NSF-Collaborative Research: Osmoregulation In Marine Dinoflagellates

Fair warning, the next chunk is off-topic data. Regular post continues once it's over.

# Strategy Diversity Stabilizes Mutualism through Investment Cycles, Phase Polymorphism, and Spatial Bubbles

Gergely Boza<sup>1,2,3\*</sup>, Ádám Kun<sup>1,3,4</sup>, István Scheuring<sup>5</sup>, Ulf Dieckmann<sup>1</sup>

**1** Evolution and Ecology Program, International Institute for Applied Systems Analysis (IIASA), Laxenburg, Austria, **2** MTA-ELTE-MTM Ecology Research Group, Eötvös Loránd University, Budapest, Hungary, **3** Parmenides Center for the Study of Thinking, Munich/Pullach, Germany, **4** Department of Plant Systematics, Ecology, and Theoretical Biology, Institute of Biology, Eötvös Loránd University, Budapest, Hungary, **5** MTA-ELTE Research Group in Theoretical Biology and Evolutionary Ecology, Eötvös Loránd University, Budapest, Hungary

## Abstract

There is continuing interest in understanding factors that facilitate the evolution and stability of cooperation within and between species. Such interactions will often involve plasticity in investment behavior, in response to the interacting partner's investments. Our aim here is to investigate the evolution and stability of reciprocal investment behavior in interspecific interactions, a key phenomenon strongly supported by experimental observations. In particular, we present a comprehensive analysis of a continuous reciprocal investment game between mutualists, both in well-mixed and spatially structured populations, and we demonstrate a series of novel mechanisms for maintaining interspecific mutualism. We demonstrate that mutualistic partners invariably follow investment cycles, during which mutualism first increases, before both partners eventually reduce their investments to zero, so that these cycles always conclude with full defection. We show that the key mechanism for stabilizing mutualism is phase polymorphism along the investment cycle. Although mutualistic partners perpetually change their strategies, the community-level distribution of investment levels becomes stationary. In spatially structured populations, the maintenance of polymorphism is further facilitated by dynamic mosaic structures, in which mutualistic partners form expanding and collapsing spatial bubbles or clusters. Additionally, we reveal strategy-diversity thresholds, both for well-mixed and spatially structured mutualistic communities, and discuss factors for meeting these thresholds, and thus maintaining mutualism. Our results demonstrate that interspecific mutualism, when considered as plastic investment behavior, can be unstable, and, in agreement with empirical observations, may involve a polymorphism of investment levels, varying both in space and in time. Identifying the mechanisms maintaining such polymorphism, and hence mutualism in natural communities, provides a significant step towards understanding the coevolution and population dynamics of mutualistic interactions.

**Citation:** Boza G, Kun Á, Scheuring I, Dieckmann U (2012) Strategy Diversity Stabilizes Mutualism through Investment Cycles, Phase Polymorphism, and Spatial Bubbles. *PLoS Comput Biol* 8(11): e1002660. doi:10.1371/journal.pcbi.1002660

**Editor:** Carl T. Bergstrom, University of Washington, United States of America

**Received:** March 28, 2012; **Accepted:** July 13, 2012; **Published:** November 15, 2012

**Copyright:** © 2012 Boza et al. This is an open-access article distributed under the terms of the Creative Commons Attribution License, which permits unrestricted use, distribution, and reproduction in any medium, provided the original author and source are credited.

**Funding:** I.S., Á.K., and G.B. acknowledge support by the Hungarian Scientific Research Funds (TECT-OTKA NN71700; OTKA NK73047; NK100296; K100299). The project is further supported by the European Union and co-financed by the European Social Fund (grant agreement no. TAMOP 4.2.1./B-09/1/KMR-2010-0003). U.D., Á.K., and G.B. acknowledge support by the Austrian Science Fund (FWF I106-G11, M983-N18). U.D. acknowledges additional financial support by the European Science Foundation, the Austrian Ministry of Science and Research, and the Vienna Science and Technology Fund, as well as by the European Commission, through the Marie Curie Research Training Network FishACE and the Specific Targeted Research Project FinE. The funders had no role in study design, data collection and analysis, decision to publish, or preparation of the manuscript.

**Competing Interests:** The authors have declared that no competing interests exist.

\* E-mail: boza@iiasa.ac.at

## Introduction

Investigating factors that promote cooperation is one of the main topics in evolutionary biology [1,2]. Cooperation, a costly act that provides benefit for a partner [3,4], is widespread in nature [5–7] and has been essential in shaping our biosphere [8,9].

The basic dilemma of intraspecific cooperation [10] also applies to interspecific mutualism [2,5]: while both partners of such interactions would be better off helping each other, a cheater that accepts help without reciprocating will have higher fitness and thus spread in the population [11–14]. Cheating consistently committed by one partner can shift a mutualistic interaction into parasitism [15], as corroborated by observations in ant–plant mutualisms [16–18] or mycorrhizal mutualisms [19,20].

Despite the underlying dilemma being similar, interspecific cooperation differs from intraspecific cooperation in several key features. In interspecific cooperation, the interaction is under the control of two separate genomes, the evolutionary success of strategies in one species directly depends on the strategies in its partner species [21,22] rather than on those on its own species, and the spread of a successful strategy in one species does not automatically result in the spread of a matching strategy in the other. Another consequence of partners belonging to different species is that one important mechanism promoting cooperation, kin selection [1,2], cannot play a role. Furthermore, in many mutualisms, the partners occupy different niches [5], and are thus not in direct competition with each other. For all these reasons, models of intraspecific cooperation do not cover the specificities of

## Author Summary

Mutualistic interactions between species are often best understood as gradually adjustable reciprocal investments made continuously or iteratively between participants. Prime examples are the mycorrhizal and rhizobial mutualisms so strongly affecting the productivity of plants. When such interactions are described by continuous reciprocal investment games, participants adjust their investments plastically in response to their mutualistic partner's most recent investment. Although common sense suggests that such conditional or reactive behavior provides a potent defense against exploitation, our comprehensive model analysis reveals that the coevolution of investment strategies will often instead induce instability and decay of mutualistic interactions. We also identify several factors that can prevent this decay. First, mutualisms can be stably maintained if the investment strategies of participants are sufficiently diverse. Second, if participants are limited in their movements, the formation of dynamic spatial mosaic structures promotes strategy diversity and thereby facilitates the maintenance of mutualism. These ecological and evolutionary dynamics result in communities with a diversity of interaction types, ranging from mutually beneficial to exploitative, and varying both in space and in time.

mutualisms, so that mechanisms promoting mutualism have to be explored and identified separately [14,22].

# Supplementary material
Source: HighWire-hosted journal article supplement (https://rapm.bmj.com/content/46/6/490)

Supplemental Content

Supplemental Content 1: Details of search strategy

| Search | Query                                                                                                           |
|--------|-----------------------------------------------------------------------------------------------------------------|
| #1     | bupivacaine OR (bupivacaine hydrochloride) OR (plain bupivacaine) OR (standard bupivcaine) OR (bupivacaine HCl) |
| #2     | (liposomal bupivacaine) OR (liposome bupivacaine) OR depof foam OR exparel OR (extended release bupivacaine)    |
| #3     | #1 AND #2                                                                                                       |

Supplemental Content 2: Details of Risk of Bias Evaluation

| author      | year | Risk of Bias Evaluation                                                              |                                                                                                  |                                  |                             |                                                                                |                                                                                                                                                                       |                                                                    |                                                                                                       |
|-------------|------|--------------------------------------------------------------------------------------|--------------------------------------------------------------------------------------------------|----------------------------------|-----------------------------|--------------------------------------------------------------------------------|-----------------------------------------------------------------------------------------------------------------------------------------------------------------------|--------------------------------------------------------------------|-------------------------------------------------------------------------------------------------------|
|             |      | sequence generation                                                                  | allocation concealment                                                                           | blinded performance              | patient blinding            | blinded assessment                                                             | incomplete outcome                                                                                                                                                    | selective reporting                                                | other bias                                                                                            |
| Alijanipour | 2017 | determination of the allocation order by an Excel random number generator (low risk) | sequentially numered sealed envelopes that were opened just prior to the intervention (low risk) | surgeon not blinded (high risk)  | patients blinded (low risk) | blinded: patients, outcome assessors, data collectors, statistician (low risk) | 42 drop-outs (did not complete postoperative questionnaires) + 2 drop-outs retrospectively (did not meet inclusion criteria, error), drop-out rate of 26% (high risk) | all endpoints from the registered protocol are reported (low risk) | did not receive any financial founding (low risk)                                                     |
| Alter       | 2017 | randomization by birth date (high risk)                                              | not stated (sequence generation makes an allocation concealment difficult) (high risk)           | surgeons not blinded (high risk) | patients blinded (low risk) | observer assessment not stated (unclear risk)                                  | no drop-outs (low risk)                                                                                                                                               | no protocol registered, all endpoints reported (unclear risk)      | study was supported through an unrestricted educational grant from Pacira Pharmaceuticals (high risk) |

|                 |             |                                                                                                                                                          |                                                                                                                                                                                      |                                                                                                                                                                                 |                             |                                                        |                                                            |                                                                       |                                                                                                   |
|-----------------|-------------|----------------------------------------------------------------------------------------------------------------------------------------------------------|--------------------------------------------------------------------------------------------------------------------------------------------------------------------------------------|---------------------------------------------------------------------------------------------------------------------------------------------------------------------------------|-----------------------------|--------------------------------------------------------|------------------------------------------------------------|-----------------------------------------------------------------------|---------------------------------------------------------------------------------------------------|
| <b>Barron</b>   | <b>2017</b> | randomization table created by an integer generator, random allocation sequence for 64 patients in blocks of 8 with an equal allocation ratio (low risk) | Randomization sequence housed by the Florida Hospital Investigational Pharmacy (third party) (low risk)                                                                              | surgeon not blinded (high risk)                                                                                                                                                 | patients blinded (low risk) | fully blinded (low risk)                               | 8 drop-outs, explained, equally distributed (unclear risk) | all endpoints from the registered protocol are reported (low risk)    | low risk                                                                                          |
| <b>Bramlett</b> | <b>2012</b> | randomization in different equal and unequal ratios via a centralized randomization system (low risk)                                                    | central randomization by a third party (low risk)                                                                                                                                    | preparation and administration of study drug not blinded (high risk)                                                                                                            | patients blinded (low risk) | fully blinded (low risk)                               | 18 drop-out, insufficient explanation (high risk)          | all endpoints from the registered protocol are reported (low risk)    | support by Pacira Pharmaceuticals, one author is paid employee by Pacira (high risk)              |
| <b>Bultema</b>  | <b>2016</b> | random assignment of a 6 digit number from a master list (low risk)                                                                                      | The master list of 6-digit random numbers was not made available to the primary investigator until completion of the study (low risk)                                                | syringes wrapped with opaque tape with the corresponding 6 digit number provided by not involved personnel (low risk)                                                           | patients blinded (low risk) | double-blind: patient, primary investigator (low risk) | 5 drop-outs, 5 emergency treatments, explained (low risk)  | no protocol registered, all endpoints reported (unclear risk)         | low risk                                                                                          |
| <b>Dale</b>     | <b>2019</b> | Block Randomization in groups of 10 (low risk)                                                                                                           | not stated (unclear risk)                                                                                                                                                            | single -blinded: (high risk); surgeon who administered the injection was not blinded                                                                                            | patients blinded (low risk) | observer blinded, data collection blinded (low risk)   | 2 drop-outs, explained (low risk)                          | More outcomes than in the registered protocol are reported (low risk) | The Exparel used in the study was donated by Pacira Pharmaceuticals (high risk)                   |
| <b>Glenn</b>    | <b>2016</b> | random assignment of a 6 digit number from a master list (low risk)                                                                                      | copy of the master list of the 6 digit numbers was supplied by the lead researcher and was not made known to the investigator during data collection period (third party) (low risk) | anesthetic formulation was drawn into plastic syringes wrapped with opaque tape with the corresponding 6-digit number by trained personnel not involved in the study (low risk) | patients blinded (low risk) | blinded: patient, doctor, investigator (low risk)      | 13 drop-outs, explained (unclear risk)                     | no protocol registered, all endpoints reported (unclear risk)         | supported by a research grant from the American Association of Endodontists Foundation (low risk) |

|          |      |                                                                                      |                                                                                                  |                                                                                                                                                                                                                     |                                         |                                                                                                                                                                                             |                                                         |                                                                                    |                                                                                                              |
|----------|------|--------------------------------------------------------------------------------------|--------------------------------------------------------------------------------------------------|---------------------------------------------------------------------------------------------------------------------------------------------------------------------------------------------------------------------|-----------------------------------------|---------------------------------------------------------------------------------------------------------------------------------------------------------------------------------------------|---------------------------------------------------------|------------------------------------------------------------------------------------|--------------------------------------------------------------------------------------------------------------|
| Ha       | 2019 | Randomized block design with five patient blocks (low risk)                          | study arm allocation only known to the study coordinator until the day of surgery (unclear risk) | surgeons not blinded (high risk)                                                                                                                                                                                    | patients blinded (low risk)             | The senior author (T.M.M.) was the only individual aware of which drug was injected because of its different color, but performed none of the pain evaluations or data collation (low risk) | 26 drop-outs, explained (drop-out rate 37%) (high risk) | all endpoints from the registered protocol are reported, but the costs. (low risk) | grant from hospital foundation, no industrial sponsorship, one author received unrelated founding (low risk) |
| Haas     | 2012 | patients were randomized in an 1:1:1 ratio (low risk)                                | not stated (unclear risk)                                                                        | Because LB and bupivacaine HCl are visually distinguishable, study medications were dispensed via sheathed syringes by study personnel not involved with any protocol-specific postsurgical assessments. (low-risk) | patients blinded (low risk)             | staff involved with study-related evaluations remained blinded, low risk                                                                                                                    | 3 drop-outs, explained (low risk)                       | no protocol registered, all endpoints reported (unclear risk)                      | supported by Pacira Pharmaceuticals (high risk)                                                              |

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Marine phytoplankton live in a dynamic and variable environment. Changes in salinity, temperature and nutrients are major factors that control the growth and distribution of phytoplankton populations. Salinity can vary significantly in coastal waters, so many coastal phytoplankton species have evolved mechanisms to quickly regulate their internal water concentration, a process known as osmoregulation. In response to decreases in salinity, the dinoflagellate, Karenia brevis, responsible for producing toxic red tides in the Gulf of Mexico, produces a rapid >10-fold increase in ladder frame polyethers (LFPs), which include the potent neurotoxins called brevetoxin. The functional role of LFPs in K. brevis is unknown; however, the production of such large quantities suggests that there must be a critical cellular role. An interdisciplinary approach combining physiological experiments, cell imaging, next generation sequencing, and metabolomic profiling will be used to explore the relationship between gene transcription and physiological/metabolic responses. To determine if LFP production is a common mechanism for osmoregulation in dinoflagellates, similar experiments will be conducted with additional species of dinoflagellates also known to produce LFPs. Changes in LFP production in response to low salinity may explain how K. brevis and other toxin-producing dinoflagellates can thrive in coastal ecosystems. The project''s outcome will provide an explanation for toxin production in ''red tide'' dinoflagellates and reveal how toxic dinoflagellates, with slow growth rates now, may compete successfully in coastal environments under future conditions. The project''s broader impacts include training and education of a post-doctoral researcher, three graduate students, and undergraduate students using state-of-the-art techniques to address questions in evolution and ecology. Results will also be utilized in a graduate Molecular Ecology course taught at TAMU providing students with hands-on experience with actual experimental data for training in this rapidly emerging field.